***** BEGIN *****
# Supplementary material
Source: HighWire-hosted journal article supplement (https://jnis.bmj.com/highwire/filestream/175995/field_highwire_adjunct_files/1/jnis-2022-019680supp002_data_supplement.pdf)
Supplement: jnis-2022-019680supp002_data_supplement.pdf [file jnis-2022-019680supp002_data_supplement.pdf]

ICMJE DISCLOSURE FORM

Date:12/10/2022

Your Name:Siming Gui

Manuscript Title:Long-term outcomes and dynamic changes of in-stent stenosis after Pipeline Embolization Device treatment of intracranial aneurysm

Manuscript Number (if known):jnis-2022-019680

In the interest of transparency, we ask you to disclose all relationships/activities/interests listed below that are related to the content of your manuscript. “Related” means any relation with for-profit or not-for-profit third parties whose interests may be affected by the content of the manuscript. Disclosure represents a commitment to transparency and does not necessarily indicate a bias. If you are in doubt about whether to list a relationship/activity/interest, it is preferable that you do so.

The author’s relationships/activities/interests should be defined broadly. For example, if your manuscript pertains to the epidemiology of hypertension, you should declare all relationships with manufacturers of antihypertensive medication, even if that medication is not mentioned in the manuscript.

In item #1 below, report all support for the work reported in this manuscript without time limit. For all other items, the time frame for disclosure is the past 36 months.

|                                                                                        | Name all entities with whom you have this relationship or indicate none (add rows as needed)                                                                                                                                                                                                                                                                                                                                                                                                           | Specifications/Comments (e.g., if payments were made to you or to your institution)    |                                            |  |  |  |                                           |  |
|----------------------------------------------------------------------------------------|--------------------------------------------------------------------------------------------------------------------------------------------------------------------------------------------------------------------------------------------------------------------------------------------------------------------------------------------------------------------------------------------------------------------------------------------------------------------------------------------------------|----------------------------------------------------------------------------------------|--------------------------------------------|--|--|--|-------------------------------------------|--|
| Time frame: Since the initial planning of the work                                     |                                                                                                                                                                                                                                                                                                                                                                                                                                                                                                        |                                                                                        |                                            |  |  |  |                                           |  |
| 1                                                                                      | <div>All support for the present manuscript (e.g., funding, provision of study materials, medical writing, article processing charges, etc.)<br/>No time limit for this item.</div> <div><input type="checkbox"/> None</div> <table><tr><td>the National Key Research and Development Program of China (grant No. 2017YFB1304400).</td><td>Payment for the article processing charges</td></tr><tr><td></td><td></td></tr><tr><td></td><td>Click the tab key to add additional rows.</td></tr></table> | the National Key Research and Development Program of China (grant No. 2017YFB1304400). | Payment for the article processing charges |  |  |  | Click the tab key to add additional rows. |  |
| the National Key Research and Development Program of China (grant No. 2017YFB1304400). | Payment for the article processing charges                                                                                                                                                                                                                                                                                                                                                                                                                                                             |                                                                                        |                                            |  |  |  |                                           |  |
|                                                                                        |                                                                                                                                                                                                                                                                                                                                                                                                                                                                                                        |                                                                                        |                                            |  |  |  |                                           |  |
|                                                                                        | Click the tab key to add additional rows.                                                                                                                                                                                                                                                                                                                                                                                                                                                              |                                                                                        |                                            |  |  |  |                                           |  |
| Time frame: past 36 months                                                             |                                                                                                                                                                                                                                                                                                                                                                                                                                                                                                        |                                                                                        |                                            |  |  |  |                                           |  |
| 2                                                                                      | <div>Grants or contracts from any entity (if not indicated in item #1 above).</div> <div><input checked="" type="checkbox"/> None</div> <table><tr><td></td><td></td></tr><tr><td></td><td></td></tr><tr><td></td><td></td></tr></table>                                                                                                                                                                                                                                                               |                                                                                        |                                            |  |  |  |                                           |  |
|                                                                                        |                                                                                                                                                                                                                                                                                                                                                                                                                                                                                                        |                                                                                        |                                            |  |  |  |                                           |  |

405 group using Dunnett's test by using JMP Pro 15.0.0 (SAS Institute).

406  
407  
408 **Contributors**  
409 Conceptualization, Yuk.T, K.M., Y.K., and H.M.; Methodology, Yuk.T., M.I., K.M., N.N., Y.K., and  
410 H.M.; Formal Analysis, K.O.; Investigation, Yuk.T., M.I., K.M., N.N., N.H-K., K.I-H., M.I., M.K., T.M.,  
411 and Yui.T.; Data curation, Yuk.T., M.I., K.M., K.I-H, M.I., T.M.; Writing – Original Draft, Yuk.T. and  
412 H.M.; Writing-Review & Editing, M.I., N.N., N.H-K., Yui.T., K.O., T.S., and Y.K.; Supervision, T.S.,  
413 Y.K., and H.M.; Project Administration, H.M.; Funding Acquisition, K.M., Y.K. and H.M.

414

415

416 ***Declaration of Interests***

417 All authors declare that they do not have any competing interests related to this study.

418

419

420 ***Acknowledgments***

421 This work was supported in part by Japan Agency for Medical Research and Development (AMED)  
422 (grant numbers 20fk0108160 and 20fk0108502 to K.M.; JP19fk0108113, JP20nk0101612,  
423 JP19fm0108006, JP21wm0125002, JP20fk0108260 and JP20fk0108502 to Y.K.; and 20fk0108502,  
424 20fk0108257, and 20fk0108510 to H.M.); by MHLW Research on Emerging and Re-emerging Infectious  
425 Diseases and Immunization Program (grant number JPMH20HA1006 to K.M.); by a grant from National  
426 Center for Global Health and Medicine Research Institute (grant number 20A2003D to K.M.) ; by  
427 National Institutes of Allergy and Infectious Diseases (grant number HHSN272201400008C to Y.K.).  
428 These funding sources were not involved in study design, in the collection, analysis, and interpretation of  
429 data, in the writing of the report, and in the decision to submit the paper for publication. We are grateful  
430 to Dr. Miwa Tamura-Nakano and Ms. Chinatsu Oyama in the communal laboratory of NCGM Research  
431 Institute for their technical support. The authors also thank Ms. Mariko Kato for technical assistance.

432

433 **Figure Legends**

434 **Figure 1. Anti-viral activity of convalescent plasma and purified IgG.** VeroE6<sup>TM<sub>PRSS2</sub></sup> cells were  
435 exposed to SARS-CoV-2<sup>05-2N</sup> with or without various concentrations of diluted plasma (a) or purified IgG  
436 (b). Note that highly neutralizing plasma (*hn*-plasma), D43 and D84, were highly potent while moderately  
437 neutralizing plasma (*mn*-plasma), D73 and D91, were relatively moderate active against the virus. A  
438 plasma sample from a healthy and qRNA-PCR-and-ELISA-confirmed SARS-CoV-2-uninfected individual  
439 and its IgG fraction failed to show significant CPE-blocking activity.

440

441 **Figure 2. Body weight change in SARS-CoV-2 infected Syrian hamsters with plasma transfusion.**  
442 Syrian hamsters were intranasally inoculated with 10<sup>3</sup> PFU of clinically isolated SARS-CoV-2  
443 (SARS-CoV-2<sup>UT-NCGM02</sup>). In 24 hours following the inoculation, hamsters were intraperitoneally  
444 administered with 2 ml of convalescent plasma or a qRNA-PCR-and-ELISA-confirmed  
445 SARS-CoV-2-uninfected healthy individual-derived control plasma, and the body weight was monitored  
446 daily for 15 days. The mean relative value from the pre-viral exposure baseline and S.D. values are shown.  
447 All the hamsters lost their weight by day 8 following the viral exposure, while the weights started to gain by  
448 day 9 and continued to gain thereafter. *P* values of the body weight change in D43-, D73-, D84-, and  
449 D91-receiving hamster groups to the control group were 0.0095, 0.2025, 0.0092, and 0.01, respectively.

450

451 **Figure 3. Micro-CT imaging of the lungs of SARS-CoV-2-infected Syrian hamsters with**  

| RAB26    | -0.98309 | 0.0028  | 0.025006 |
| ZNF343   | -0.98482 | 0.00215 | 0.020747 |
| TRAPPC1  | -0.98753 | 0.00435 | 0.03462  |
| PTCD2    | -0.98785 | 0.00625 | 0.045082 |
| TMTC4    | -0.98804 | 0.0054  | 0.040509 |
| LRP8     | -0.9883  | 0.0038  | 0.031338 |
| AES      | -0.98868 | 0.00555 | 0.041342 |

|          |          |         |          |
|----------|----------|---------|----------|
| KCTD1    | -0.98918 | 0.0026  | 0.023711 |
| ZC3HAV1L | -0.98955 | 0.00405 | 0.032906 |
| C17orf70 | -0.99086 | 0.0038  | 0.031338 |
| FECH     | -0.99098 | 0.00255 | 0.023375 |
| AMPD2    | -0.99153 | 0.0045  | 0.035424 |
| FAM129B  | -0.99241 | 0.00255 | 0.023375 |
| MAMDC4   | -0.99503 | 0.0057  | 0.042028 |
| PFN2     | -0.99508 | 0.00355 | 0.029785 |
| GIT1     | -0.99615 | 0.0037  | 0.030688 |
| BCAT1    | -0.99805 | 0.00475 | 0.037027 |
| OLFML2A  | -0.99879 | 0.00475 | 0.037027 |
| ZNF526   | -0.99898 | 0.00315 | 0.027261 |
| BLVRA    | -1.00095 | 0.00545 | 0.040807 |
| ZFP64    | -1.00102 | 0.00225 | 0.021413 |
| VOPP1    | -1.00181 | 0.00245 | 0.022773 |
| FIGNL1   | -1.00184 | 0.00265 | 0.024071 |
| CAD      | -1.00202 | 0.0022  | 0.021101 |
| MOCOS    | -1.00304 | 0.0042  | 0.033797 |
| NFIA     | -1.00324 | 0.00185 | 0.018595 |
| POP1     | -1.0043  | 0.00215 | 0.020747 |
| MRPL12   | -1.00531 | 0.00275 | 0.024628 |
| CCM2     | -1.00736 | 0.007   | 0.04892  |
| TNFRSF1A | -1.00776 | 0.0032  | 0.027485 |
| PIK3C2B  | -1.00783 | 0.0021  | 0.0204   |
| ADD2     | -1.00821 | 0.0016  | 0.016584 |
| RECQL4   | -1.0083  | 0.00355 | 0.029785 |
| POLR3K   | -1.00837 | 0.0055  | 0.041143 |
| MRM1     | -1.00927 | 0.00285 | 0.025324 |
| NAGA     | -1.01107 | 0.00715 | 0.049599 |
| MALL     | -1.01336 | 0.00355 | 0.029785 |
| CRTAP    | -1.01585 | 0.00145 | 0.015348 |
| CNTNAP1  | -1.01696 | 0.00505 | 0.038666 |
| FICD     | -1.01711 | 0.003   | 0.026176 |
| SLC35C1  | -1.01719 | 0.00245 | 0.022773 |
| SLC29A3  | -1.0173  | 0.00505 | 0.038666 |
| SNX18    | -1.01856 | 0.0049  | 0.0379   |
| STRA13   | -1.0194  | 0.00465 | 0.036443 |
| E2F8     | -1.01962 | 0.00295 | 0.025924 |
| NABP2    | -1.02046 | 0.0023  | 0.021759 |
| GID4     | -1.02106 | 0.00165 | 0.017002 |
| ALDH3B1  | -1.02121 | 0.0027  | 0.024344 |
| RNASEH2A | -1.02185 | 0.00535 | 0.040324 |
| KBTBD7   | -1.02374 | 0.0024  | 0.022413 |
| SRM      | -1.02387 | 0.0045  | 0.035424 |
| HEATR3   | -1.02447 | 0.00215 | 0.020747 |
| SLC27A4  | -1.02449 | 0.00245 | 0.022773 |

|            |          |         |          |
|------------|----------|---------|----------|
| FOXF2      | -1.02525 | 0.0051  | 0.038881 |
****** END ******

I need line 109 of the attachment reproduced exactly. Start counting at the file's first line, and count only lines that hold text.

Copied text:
| CNTNAP1  | -1.01696 | 0.00505 | 0.038666 |